Jainism is one of India’s ancient traditions of life and practice. Jains affirm that each living being possesses a soul and, accordingly, the ethic of ahimsa or non-violence is central to the Jain tradition. Jains first came from India to America in the late 1960s, establishing the Jain Center of Greater Boston (JCGB) in 1973. From 1981 until 2010, members of the JCGB gathered in a former Swedish Lutheran church in Norwood. Since 2010, JCGB have gathered in their own, purpose-built derasar (temple) in Norwood. A second local organization, the Jain Sangh of New England (JSNE), formed in 2000. The JSNE was originally based in an office building in Burlington, before moving to another office building in Woborn. In 2009, they purchased a property in Burlington, where they have now established a derasar. Both the JCGB and JSNE provide opportunities for worship and education for some 350 Jain families in Greater Boston.
Jainism in Greater Boston
The ancient Jain tradition traces its spiritual heritage to a series of teachers called tirthankaras or “ford-makers,” those who spiritually crossed the river of this ever-changing life to become fully realized and liberated beings. One of the most important of the tirthankaras, Mahavira, lived in India at about the time of the Buddha in the 6th century BCE. Because each soul may become liberated, the Jains have always had a strong ethic of non-violence, which extends to a positive respect for all forms of life, including animal life. Not surprisingly, the Jains who have immigrated to the United States have become an important voice in discussions of vegetarianism and animal rights.
The Jain community first came to the United States in the late 1960s after the passage of Immigration and Nationality Act, which opened the door to wider immigration from Asia, and especially encouraged the immigration of “members of professions of exceptional ability and their spouses and children.” The first wave consisted primarily of Gujarati-speaking immigrants from Western India. Later, political turmoil in East African states resulted in a second wave of migration of people of Indian ancestry and Jain belief.
Many Jains came to Boston as students, meeting at the MIT Student Center and at the Rindge Tower apartments. Some stayed to raise their families in Greater Boston, and continued to gather in private homes and rented facilities. In 1973, the community established a formal organization, the Jain Center of Greater Boston (JCGB). In September 1981, the JCGB established the first Jain temple, or derasar, in the United States: it was located in a former Swedish Lutheran church on a quiet street in Norwood. For over twenty years, members of the JCGB gathered monthly and observed annual festivals at the temple. The JCGB’s pathshala programs, providing education in the Jain tradition, as well as the study of Hindi and Gujarati, were held off-site at a middle school in East Walpole, Massachusetts.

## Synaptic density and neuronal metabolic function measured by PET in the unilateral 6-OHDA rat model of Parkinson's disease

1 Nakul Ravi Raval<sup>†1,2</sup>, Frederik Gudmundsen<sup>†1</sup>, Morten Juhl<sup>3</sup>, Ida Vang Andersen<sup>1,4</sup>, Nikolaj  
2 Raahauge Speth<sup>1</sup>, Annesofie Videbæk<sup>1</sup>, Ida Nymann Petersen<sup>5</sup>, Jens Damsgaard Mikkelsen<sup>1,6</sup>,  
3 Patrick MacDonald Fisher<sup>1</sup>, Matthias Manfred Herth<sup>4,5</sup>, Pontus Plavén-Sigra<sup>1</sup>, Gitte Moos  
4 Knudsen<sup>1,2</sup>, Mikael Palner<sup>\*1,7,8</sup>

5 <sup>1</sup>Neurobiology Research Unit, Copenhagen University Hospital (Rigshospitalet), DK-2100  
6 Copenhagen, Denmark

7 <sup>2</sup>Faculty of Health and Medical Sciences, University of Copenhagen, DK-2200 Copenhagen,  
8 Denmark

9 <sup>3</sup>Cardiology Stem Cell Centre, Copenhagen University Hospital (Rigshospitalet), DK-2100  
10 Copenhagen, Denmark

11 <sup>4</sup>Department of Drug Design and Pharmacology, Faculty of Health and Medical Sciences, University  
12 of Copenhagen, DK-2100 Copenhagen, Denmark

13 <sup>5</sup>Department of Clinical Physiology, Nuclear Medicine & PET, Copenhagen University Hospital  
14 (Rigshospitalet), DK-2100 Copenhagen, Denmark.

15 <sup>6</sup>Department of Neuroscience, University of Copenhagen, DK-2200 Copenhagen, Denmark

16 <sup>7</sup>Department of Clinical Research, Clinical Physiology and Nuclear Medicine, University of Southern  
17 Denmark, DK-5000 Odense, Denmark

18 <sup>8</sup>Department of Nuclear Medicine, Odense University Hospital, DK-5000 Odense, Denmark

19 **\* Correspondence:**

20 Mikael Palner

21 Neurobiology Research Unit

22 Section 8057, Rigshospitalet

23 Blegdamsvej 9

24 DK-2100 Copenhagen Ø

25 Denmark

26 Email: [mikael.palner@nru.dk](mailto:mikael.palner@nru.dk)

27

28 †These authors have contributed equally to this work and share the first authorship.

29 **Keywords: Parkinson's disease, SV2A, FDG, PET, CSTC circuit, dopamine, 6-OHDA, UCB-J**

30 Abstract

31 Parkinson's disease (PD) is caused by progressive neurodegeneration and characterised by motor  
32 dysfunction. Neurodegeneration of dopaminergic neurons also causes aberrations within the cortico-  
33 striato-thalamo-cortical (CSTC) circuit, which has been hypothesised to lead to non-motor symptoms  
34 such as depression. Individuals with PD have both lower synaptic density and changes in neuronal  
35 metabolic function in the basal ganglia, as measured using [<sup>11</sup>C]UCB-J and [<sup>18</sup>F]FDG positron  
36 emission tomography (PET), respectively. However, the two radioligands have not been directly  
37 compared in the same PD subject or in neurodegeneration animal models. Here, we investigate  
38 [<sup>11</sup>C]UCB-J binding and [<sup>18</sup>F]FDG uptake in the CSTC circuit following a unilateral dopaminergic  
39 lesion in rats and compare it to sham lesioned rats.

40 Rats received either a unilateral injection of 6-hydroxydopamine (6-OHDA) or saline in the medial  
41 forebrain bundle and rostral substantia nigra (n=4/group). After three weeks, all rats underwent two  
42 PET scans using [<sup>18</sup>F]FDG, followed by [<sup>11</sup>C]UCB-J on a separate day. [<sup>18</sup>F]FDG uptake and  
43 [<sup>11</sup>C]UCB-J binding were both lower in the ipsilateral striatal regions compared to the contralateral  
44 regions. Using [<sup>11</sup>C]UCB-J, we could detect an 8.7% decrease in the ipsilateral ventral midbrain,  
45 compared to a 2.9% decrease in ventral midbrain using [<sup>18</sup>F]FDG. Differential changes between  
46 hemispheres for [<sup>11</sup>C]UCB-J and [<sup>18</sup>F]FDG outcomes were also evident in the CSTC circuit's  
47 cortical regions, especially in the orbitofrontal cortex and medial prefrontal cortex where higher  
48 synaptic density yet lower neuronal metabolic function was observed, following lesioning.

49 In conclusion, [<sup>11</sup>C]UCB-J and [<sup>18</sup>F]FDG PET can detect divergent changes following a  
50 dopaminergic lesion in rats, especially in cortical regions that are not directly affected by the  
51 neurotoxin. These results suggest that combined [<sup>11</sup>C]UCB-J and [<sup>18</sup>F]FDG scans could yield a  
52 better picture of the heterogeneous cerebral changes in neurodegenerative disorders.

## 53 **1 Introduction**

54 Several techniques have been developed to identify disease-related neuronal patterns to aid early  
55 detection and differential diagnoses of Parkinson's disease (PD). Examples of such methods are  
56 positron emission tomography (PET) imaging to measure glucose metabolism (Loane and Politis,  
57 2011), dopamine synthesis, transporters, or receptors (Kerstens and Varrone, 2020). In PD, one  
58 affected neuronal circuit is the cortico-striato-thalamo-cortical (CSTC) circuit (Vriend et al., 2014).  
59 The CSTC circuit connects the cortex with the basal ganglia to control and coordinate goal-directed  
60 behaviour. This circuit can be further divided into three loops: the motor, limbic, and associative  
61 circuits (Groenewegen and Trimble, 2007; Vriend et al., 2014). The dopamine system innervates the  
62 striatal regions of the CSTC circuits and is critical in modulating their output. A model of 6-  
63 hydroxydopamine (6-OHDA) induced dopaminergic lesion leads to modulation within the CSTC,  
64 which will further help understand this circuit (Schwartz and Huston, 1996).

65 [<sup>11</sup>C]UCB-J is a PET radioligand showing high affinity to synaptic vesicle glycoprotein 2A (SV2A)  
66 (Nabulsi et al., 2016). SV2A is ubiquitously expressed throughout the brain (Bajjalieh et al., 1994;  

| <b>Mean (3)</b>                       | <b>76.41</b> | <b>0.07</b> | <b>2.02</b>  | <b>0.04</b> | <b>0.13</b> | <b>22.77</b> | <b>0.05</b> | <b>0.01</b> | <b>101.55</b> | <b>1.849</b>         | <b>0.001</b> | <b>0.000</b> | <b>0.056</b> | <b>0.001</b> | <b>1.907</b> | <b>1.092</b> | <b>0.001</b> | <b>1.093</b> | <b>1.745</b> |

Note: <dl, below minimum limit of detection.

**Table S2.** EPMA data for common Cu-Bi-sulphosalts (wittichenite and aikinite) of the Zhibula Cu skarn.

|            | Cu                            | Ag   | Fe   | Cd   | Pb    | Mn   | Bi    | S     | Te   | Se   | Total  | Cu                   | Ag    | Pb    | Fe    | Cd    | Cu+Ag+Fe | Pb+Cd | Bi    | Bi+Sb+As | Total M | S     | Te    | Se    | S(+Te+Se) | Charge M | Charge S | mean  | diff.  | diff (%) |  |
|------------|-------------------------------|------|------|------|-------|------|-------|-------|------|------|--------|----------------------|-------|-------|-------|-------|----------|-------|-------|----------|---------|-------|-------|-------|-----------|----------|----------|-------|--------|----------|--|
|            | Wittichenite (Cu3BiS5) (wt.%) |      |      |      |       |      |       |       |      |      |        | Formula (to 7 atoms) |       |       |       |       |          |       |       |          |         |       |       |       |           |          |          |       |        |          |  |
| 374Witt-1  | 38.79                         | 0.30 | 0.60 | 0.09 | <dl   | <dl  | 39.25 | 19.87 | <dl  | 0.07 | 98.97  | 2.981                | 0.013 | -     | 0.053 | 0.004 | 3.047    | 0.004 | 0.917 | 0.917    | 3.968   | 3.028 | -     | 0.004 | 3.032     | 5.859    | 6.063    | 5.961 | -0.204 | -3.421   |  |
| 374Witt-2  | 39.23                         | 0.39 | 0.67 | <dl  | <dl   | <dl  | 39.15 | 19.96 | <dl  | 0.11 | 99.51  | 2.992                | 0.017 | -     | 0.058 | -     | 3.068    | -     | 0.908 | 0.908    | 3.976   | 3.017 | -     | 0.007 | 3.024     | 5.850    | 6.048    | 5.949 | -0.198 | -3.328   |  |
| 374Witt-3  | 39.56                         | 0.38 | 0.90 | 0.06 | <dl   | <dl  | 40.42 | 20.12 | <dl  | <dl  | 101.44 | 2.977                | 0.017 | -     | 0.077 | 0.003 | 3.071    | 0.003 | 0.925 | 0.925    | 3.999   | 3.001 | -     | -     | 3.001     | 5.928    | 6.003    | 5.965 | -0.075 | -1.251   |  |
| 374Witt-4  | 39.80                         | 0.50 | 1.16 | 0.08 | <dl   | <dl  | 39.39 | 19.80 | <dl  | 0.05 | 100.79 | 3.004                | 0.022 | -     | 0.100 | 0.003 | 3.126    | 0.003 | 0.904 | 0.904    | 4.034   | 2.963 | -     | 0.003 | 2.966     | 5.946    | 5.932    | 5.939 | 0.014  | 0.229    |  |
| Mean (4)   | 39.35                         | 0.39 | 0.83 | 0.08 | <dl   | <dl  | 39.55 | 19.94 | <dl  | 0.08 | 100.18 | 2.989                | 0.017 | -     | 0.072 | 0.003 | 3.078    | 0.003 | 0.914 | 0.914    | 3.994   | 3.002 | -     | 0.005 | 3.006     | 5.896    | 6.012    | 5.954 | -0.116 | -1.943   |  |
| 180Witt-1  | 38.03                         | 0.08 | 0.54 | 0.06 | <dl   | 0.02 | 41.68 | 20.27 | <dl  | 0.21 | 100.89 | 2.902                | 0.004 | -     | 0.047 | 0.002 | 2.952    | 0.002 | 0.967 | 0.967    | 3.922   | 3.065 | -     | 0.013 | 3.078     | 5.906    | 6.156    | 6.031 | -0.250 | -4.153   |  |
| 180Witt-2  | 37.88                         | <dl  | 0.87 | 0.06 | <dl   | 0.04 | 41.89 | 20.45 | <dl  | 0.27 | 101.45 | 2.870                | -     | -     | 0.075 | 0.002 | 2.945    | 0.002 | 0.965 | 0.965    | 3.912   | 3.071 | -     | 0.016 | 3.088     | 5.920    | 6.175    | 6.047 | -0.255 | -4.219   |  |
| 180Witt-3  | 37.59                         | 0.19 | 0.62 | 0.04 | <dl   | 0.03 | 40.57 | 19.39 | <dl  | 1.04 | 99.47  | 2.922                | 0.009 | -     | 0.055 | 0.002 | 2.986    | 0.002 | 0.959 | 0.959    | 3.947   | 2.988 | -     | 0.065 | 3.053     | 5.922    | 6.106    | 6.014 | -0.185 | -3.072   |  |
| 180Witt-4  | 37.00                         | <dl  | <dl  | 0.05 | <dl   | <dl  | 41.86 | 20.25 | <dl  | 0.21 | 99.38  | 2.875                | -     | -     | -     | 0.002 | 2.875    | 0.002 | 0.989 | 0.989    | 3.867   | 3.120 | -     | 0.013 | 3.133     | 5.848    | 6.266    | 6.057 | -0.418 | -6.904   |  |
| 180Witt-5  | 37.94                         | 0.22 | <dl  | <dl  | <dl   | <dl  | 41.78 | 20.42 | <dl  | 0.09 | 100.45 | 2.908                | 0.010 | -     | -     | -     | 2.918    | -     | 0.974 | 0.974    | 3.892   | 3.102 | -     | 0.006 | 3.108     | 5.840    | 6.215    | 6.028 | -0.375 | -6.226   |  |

In 2000, the Jain Sangh of New England (JSNE) was founded by a group of Svetambar Jain families in the Greater Boston area who decided to separate from the JCGB. This new organization, JSNE, was established to promote “more traditional Jain practice for Svetambar Jains” in the Greater Boston area. The JSNE first established a temple in an office space in Burlington.
Since their separation, both the JSNE and JCGB have established purpose-built temples: at the July 12, 2009 meeting of the JCGB membership, the community voted overwhelmingly in support of the purchase of a former synagogue in Norwood; on October 22, 2009, the JSNE purchased an office building in Burlington. Now constructed and consecrated, these new temples provide a sense of permanence—as well as dedicated space for worship and education—for some 350 Jain families in Greater Boston.